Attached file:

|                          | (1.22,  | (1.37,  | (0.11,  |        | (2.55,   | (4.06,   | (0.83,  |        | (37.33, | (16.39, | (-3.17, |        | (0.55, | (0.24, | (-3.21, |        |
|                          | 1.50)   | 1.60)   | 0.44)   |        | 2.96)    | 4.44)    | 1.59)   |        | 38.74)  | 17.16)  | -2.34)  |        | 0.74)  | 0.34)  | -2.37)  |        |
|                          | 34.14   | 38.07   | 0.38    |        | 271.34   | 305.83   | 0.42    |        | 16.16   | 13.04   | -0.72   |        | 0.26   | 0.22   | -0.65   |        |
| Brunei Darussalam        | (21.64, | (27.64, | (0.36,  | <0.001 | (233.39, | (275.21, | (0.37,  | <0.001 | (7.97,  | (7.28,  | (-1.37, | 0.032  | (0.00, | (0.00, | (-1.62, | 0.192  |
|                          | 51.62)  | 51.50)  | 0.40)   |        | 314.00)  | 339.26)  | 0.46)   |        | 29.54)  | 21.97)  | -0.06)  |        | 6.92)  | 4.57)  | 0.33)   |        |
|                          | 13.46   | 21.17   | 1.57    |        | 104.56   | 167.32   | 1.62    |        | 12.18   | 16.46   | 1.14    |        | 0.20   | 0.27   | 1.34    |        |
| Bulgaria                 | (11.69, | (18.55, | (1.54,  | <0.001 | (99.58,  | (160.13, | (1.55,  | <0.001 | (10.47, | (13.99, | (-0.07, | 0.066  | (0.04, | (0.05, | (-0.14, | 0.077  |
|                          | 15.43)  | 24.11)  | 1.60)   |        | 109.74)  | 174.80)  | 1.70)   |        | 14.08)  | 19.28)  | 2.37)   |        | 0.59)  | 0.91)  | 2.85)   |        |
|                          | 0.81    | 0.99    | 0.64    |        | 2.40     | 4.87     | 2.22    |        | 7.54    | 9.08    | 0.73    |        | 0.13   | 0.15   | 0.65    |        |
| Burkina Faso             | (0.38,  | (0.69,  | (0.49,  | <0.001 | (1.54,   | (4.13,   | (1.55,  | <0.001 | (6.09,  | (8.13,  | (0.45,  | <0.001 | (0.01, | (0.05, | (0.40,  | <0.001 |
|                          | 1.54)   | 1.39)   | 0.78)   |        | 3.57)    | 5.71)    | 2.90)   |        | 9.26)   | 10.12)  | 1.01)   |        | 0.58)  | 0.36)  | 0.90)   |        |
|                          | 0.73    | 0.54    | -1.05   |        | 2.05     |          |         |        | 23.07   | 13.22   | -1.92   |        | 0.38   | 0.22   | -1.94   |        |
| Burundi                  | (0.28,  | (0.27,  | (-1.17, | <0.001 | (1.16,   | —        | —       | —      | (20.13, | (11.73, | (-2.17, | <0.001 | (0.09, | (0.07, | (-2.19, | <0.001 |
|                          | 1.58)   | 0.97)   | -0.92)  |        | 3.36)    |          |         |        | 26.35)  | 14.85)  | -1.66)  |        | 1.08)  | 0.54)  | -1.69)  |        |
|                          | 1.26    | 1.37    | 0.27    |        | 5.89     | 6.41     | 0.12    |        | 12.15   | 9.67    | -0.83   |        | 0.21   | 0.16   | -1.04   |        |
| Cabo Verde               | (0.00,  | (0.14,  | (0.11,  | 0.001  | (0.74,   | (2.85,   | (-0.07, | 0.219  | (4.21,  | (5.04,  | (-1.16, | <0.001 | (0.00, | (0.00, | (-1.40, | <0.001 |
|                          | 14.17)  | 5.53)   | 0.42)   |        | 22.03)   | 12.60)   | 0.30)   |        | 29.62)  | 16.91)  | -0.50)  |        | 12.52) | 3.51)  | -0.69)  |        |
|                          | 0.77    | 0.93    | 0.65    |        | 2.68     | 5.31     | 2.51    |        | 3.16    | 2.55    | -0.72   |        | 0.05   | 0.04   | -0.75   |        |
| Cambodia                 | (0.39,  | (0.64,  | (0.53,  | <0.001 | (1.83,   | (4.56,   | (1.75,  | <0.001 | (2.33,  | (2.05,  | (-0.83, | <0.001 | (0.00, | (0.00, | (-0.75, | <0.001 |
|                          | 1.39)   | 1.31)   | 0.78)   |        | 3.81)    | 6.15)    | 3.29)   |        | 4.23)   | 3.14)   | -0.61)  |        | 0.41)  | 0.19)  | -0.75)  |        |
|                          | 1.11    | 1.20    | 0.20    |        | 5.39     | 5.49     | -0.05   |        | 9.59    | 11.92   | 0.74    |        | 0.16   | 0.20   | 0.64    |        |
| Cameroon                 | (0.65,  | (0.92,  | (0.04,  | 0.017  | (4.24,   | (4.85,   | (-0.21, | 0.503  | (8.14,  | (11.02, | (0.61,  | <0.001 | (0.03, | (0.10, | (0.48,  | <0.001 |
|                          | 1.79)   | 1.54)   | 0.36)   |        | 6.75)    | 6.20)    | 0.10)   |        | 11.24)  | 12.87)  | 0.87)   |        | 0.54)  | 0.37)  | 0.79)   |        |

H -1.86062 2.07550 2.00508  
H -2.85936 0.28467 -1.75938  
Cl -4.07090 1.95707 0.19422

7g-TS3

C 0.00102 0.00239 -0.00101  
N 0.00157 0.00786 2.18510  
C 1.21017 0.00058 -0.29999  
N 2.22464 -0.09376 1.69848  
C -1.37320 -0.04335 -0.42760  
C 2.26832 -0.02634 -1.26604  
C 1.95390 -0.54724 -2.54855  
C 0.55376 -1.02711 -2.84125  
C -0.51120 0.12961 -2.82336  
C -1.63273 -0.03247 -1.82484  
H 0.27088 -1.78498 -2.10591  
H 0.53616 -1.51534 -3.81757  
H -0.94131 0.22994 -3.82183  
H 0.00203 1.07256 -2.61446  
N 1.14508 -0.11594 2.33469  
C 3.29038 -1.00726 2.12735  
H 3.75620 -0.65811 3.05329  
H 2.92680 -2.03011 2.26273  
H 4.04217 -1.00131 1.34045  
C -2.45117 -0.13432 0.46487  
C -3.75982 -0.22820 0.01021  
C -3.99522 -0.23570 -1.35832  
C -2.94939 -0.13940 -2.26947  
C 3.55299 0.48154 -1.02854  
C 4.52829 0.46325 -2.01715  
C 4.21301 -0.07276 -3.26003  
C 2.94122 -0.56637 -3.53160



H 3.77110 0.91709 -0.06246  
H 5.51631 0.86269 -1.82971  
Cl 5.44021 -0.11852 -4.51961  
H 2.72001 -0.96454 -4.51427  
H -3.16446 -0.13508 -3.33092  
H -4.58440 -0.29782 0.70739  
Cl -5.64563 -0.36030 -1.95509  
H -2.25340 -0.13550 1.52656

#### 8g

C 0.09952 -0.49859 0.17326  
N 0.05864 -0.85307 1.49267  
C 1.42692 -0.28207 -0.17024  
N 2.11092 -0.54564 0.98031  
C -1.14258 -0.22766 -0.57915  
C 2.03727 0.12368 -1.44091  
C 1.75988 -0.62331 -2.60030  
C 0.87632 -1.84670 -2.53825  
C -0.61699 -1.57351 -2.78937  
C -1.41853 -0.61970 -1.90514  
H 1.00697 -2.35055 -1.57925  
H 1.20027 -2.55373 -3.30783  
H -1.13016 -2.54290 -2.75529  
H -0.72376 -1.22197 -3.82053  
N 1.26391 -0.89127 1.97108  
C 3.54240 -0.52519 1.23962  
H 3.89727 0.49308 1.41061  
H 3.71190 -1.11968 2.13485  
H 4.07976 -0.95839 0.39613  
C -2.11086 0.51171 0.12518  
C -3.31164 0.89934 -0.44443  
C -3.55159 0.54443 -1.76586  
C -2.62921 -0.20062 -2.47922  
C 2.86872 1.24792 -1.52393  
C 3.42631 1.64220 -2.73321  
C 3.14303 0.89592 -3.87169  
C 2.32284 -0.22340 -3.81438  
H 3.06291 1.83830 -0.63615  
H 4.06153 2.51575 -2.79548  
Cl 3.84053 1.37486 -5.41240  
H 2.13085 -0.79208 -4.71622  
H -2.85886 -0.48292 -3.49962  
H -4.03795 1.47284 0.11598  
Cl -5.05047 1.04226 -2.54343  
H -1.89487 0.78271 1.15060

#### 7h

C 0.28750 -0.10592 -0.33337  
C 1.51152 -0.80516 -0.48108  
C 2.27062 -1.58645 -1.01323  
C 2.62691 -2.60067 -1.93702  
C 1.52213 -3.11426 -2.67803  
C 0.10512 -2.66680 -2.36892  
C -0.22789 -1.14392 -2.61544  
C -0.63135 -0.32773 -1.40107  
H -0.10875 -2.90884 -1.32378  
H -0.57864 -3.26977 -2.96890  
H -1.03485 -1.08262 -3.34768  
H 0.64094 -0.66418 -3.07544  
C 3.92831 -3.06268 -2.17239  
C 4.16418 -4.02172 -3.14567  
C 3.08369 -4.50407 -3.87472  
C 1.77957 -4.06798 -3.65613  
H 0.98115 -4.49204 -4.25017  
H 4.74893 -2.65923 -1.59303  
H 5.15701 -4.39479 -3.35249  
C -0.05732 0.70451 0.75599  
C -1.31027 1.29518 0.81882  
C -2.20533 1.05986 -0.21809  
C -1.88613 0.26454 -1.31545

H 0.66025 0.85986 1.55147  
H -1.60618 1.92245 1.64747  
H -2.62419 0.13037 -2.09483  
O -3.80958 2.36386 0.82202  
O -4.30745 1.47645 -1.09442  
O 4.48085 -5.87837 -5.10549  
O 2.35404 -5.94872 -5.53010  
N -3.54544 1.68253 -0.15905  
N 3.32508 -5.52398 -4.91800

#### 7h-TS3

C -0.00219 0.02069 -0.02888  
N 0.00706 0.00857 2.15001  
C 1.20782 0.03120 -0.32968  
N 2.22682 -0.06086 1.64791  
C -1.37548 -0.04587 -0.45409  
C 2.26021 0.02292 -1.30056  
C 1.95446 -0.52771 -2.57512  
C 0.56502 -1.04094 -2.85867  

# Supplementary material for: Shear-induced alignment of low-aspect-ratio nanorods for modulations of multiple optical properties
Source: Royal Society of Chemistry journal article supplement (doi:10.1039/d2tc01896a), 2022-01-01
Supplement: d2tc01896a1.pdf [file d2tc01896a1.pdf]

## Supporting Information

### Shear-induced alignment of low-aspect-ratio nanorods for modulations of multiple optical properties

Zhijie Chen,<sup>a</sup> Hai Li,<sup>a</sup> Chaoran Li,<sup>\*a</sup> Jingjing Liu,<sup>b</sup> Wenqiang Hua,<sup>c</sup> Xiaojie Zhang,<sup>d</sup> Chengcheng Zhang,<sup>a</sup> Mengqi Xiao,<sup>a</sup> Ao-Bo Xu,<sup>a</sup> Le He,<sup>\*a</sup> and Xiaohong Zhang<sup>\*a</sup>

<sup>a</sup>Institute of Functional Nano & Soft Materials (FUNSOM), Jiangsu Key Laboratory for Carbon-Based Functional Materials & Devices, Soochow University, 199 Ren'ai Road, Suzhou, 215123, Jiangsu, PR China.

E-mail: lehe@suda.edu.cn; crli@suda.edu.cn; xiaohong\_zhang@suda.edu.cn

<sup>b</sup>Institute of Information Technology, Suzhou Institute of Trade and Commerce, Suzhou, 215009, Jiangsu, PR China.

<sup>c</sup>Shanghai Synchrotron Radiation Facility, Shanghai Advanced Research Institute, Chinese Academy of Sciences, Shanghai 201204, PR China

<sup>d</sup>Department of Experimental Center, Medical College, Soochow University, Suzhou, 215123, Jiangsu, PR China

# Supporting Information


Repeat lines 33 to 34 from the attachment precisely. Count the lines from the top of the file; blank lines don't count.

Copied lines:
C 2.26832 -0.02634 -1.26604  
C 1.95390 -0.54724 -2.54855  